Date & time: Friday 21 October 2022, 11am-12pm (AEDT)

Venue: Weston Theatre (ANU Crawford School of Public Policy) and Zoom

Speaker: Timothy Watson

This seminar focuses on evaluating the relative welfare, output and employment benefits of alternative forms of fiscal stimulus including public investment, consumption, transfer payments, and wage subsidy schemes. In particular, two key elements of the Australian Government’s fiscal policy response to the Global Financial Crisis (GFC) and COVID-19 pandemic, the Building the Education Revolution (BER) and JobKeeper Payment schemes, from both an empirical and theoretical perspective. The empirical techniques derive from those associated with the credibility revolution in applied microeconomics (Angrist and Pischke, 2009) and the emerging literature regarding geographic cross-sectional fiscal multipliers (Chodorow-Reich, 2019). Empirical analysis utilises never-before-used administrative datasets, novel geocoded datasets, and linked population data for payroll jobs and wages to estimate employment and output multipliers associated with these programs, and their relative cost effectiveness as stimulus or economic security measures. The thesis also derives, estimates and simulates a range of contemporary business cycle models featuring liquidity constrained workers and `learning-by-doing’ in production to provide a structural account of the empirical results observed, and to provide new insights into the conduct of fiscal and monetary policy. To this end, this thesis argues that heterogeneous households and hysteresis effects are critical for evaluating the efficacy of fiscal policy in small open economies such as Australia.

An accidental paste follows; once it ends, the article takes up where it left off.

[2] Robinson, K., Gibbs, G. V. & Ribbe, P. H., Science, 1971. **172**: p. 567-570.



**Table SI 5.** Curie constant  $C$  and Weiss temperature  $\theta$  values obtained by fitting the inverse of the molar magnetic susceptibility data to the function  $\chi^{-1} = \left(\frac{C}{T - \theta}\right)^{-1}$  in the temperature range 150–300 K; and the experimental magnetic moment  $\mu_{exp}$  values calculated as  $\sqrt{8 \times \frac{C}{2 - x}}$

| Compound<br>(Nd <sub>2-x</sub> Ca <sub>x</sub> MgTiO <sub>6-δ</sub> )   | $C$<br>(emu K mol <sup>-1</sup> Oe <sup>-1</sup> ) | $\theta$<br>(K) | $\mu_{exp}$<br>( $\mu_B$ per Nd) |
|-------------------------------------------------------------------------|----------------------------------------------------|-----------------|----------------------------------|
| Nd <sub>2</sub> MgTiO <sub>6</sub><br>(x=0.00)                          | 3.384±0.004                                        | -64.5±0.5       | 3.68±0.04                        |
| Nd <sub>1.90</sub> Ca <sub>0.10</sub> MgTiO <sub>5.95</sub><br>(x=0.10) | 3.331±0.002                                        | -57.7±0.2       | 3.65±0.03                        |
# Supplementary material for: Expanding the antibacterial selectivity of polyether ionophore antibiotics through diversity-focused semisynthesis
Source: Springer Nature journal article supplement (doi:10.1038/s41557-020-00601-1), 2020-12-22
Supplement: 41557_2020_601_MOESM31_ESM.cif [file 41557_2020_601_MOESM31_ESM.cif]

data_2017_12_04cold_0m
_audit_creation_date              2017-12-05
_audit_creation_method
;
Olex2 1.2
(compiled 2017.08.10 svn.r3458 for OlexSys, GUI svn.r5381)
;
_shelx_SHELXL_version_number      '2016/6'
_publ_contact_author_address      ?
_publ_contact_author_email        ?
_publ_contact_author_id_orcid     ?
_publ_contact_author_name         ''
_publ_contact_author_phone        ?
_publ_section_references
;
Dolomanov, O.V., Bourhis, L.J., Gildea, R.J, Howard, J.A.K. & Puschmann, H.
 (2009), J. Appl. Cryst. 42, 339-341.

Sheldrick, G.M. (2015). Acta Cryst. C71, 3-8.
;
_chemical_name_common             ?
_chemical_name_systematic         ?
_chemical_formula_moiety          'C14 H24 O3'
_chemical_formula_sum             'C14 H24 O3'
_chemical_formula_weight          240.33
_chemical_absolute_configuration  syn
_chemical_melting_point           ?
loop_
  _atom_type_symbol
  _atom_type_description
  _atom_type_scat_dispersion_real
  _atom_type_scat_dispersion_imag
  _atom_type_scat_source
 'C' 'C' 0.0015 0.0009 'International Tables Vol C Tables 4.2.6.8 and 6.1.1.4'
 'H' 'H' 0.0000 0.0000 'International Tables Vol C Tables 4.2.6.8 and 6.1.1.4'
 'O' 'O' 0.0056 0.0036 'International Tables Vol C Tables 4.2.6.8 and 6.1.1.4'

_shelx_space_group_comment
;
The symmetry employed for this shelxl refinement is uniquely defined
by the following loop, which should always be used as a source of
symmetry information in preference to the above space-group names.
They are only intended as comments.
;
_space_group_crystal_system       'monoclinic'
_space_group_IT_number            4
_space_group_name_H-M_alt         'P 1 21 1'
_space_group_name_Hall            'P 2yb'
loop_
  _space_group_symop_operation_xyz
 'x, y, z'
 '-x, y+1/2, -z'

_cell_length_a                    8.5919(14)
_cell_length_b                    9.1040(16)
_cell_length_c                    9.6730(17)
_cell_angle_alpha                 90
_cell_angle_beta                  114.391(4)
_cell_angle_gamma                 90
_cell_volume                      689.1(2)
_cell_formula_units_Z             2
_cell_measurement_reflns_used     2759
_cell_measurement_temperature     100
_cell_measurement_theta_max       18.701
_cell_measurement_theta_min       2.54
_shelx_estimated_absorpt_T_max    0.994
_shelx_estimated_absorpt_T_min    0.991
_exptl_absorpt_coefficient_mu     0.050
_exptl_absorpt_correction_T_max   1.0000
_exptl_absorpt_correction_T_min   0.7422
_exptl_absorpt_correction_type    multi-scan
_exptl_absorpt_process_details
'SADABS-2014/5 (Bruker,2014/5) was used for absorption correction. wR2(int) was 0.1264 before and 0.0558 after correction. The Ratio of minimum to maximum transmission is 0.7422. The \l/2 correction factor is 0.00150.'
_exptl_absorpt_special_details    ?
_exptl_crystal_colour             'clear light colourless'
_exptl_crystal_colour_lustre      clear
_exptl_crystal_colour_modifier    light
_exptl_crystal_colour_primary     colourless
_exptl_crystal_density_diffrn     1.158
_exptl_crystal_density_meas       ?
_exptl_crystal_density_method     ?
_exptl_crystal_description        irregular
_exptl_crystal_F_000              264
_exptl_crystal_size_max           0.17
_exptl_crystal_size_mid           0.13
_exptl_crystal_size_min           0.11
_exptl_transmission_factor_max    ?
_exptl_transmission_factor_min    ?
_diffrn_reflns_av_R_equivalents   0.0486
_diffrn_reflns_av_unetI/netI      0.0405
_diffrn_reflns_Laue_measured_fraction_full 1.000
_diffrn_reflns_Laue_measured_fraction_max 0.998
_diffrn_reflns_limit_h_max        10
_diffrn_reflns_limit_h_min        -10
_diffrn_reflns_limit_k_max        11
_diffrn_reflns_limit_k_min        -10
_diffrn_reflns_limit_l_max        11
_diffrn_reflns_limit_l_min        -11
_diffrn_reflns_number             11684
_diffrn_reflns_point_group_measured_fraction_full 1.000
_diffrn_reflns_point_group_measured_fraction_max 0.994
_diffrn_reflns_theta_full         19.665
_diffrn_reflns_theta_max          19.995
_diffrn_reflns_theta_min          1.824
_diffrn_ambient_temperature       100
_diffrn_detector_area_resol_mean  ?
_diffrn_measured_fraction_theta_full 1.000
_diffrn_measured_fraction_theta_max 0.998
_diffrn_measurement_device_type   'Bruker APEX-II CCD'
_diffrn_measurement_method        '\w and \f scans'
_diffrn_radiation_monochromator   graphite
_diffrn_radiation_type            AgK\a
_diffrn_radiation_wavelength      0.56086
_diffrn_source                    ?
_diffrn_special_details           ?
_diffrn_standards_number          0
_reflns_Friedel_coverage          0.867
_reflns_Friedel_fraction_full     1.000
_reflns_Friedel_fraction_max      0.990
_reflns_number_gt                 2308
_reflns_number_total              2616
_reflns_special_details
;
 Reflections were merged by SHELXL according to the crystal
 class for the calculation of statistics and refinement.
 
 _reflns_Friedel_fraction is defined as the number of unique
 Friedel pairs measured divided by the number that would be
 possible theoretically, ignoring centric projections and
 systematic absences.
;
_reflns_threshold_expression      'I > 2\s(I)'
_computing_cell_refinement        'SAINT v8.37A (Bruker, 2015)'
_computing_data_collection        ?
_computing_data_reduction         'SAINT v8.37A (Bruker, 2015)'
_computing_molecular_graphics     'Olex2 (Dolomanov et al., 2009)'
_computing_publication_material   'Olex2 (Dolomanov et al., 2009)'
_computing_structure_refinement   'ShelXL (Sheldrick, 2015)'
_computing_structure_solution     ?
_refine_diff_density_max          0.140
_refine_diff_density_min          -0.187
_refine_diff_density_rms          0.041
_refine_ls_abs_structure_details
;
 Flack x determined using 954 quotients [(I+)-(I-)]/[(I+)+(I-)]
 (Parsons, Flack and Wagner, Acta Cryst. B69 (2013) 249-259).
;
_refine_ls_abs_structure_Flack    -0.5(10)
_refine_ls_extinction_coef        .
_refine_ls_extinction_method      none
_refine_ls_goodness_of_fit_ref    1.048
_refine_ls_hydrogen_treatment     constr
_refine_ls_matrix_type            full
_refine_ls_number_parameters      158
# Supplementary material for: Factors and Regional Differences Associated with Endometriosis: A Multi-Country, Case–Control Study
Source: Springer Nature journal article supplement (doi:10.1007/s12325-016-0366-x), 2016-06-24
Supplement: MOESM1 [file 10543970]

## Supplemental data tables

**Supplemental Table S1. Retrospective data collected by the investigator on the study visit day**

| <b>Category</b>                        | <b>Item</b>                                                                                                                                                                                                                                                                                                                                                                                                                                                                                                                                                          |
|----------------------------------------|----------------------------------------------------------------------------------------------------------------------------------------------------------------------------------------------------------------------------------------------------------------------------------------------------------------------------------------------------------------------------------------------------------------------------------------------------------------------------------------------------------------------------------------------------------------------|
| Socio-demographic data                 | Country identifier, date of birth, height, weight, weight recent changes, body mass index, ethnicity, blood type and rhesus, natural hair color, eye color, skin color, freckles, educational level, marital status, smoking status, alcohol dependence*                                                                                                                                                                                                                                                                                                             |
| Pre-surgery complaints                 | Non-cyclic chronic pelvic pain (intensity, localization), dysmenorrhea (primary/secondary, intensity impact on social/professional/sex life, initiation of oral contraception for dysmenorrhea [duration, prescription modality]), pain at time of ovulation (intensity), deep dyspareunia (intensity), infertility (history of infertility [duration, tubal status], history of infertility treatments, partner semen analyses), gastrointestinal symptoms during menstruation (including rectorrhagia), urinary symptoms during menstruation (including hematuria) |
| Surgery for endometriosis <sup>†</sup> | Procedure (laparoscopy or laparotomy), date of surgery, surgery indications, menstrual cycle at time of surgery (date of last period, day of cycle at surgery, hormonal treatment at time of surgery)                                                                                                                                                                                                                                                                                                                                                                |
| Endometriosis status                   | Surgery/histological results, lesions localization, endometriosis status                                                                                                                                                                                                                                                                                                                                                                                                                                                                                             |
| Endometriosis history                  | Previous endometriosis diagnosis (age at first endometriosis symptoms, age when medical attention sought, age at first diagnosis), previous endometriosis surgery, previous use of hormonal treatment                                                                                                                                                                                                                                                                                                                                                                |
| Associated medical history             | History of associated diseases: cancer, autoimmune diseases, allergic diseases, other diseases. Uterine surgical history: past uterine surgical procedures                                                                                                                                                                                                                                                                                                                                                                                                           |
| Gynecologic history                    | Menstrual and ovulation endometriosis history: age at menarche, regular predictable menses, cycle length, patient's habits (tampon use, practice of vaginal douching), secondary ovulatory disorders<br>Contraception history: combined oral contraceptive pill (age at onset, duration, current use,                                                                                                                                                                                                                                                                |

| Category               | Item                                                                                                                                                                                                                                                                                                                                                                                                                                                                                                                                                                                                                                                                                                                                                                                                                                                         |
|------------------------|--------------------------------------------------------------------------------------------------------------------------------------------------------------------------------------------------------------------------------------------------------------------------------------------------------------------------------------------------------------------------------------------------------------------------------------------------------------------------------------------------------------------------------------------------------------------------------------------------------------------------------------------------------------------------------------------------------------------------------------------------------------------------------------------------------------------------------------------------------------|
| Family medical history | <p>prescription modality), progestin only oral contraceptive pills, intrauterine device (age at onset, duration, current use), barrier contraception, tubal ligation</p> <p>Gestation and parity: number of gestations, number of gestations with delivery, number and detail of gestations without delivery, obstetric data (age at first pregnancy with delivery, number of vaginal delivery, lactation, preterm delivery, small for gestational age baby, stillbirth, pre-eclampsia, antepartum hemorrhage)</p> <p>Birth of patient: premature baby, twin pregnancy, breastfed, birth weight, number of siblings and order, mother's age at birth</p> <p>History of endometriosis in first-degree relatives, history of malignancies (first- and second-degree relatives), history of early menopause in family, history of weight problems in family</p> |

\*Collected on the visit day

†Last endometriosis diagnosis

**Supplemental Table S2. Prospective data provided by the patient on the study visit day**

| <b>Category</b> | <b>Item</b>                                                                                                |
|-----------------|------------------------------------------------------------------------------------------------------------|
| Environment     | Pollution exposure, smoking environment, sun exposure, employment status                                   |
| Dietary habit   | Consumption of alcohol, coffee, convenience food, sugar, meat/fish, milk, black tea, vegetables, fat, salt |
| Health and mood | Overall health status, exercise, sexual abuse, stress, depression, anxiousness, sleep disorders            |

Further information available here.

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